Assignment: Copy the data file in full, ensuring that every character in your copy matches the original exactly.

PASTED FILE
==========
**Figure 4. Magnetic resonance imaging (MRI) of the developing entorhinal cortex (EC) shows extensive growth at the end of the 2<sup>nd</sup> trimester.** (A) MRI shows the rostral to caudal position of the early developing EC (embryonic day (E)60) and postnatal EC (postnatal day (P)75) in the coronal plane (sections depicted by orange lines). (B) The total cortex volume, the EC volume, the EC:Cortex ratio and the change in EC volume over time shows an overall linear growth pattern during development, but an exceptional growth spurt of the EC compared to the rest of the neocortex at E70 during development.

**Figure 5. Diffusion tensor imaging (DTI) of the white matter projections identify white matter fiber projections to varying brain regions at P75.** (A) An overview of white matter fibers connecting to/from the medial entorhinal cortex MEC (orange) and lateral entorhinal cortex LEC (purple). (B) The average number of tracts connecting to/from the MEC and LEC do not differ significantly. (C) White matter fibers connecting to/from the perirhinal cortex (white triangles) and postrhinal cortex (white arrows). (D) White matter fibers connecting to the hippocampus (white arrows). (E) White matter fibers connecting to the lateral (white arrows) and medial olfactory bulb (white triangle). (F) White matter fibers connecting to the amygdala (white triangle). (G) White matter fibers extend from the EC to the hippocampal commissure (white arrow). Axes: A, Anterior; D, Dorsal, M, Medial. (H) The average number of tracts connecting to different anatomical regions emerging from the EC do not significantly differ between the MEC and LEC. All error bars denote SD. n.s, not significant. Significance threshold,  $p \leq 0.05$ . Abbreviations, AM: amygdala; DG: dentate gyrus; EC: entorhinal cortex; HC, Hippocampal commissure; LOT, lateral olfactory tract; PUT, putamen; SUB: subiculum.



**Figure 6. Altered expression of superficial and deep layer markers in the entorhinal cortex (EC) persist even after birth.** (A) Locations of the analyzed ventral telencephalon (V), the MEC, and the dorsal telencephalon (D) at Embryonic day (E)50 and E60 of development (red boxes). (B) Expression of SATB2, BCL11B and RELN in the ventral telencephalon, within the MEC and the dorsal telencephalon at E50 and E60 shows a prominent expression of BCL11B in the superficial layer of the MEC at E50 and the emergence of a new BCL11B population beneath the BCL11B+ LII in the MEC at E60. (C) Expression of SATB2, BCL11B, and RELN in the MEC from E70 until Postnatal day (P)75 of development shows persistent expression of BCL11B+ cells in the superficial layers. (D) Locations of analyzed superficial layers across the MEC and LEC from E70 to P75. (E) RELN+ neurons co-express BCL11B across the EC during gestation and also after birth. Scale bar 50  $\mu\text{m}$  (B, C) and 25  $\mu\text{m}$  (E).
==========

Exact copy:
**Figure 4. Magnetic resonance imaging (MRI) of the developing entorhinal cortex (EC) shows extensive growth at the end of the 2<sup>nd</sup> trimester.** (A) MRI shows the rostral to caudal position of the early developing EC (embryonic day (E)60) and postnatal EC (postnatal day (P)75) in the coronal plane (sections depicted by orange lines). (B) The total cortex volume, the EC volume, the EC:Cortex ratio and the change in EC volume over time shows an overall linear growth pattern during development, but an exceptional growth spurt of the EC compared to the rest of the neocortex at E70 during development.

**Figure 5. Diffusion tensor imaging (DTI) of the white matter projections identify white matter fiber projections to varying brain regions at P75.** (A) An overview of white matter fibers connecting to/from the medial entorhinal cortex MEC (orange) and lateral entorhinal cortex LEC (purple). (B) The average number of tracts connecting to/from the MEC and LEC do not differ significantly. (C) White matter fibers connecting to/from the perirhinal cortex (white triangles) and postrhinal cortex (white arrows). (D) White matter fibers connecting to the hippocampus (white arrows). (E) White matter fibers connecting to the lateral (white arrows) and medial olfactory bulb (white triangle). (F) White matter fibers connecting to the amygdala (white triangle). (G) White matter fibers extend from the EC to the hippocampal commissure (white arrow). Axes: A, Anterior; D, Dorsal, M, Medial. (H) The average number of tracts connecting to different anatomical regions emerging from the EC do not significantly differ between the MEC and LEC. All error bars denote SD. n.s, not significant. Significance threshold,  $p \leq 0.05$ . Abbreviations, AM: amygdala; DG: dentate gyrus; EC: entorhinal cortex; HC, Hippocampal commissure; LOT, lateral olfactory tract; PUT, putamen; SUB: subiculum.



**Figure 6. Altered expression of superficial and deep layer markers in the entorhinal cortex (EC) persist even after birth.** (A) Locations of the analyzed ventral telencephalon (V), the MEC, and the dorsal telencephalon (D) at Embryonic day (E)50 and E60 of development (red boxes). (B) Expression of SATB2, BCL11B and RELN in the ventral telencephalon, within the MEC and the dorsal telencephalon at E50 and E60 shows a prominent expression of BCL11B in the superficial layer of the MEC at E50 and the emergence of a new BCL11B population beneath the BCL11B+ LII in the MEC at E60. (C) Expression of SATB2, BCL11B, and RELN in the MEC from E70 until Postnatal day (P)75 of development shows persistent expression of BCL11B+ cells in the superficial layers. (D) Locations of analyzed superficial layers across the MEC and LEC from E70 to P75. (E) RELN+ neurons co-express BCL11B across the EC during gestation and also after birth. Scale bar 50  $\mu\text{m}$  (B, C) and 25  $\mu\text{m}$  (E).